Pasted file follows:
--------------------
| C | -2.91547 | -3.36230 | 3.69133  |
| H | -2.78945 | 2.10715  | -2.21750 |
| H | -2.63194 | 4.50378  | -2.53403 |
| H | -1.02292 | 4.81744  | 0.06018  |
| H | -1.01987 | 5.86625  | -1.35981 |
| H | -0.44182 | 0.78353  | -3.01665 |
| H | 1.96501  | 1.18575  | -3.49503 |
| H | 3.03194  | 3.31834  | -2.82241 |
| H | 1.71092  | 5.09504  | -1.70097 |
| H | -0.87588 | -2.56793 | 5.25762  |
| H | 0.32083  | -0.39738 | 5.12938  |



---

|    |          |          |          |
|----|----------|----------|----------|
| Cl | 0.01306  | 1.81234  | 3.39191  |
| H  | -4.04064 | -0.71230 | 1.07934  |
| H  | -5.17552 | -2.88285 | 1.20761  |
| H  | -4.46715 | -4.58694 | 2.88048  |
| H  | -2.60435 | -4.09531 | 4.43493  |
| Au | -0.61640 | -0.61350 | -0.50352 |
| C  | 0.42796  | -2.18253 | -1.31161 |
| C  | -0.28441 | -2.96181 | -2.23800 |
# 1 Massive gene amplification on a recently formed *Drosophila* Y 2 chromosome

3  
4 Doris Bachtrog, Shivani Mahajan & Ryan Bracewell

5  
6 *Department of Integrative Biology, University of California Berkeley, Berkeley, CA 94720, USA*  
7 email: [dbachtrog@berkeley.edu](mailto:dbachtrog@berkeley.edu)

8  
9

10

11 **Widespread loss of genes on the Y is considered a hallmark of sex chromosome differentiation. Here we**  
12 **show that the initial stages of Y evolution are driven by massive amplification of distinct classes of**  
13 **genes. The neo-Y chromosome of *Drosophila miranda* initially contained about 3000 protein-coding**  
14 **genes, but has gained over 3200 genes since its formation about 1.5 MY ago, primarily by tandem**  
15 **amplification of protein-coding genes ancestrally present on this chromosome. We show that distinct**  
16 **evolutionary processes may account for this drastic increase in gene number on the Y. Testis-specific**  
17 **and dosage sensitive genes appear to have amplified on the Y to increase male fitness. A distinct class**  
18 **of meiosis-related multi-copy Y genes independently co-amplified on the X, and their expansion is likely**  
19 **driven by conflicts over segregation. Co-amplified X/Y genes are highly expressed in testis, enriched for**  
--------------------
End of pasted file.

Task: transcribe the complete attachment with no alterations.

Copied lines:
| C | -2.91547 | -3.36230 | 3.69133  |
| H | -2.78945 | 2.10715  | -2.21750 |
| H | -2.63194 | 4.50378  | -2.53403 |
| H | -1.02292 | 4.81744  | 0.06018  |
| H | -1.01987 | 5.86625  | -1.35981 |
| H | -0.44182 | 0.78353  | -3.01665 |
| H | 1.96501  | 1.18575  | -3.49503 |
| H | 3.03194  | 3.31834  | -2.82241 |
| H | 1.71092  | 5.09504  | -1.70097 |
| H | -0.87588 | -2.56793 | 5.25762  |
| H | 0.32083  | -0.39738 | 5.12938  |



---

|    |          |          |          |
|----|----------|----------|----------|
| Cl | 0.01306  | 1.81234  | 3.39191  |
| H  | -4.04064 | -0.71230 | 1.07934  |
| H  | -5.17552 | -2.88285 | 1.20761  |
| H  | -4.46715 | -4.58694 | 2.88048  |
| H  | -2.60435 | -4.09531 | 4.43493  |
| Au | -0.61640 | -0.61350 | -0.50352 |
| C  | 0.42796  | -2.18253 | -1.31161 |
| C  | -0.28441 | -2.96181 | -2.23800 |
# 1 Massive gene amplification on a recently formed *Drosophila* Y 2 chromosome

3  
4 Doris Bachtrog, Shivani Mahajan & Ryan Bracewell

5  
6 *Department of Integrative Biology, University of California Berkeley, Berkeley, CA 94720, USA*  
7 email: [dbachtrog@berkeley.edu](mailto:dbachtrog@berkeley.edu)

8  
9

10

11 **Widespread loss of genes on the Y is considered a hallmark of sex chromosome differentiation. Here we**  
12 **show that the initial stages of Y evolution are driven by massive amplification of distinct classes of**  
13 **genes. The neo-Y chromosome of *Drosophila miranda* initially contained about 3000 protein-coding**  
14 **genes, but has gained over 3200 genes since its formation about 1.5 MY ago, primarily by tandem**  
15 **amplification of protein-coding genes ancestrally present on this chromosome. We show that distinct**  
16 **evolutionary processes may account for this drastic increase in gene number on the Y. Testis-specific**  
17 **and dosage sensitive genes appear to have amplified on the Y to increase male fitness. A distinct class**  
18 **of meiosis-related multi-copy Y genes independently co-amplified on the X, and their expansion is likely**  
19 **driven by conflicts over segregation. Co-amplified X/Y genes are highly expressed in testis, enriched for**  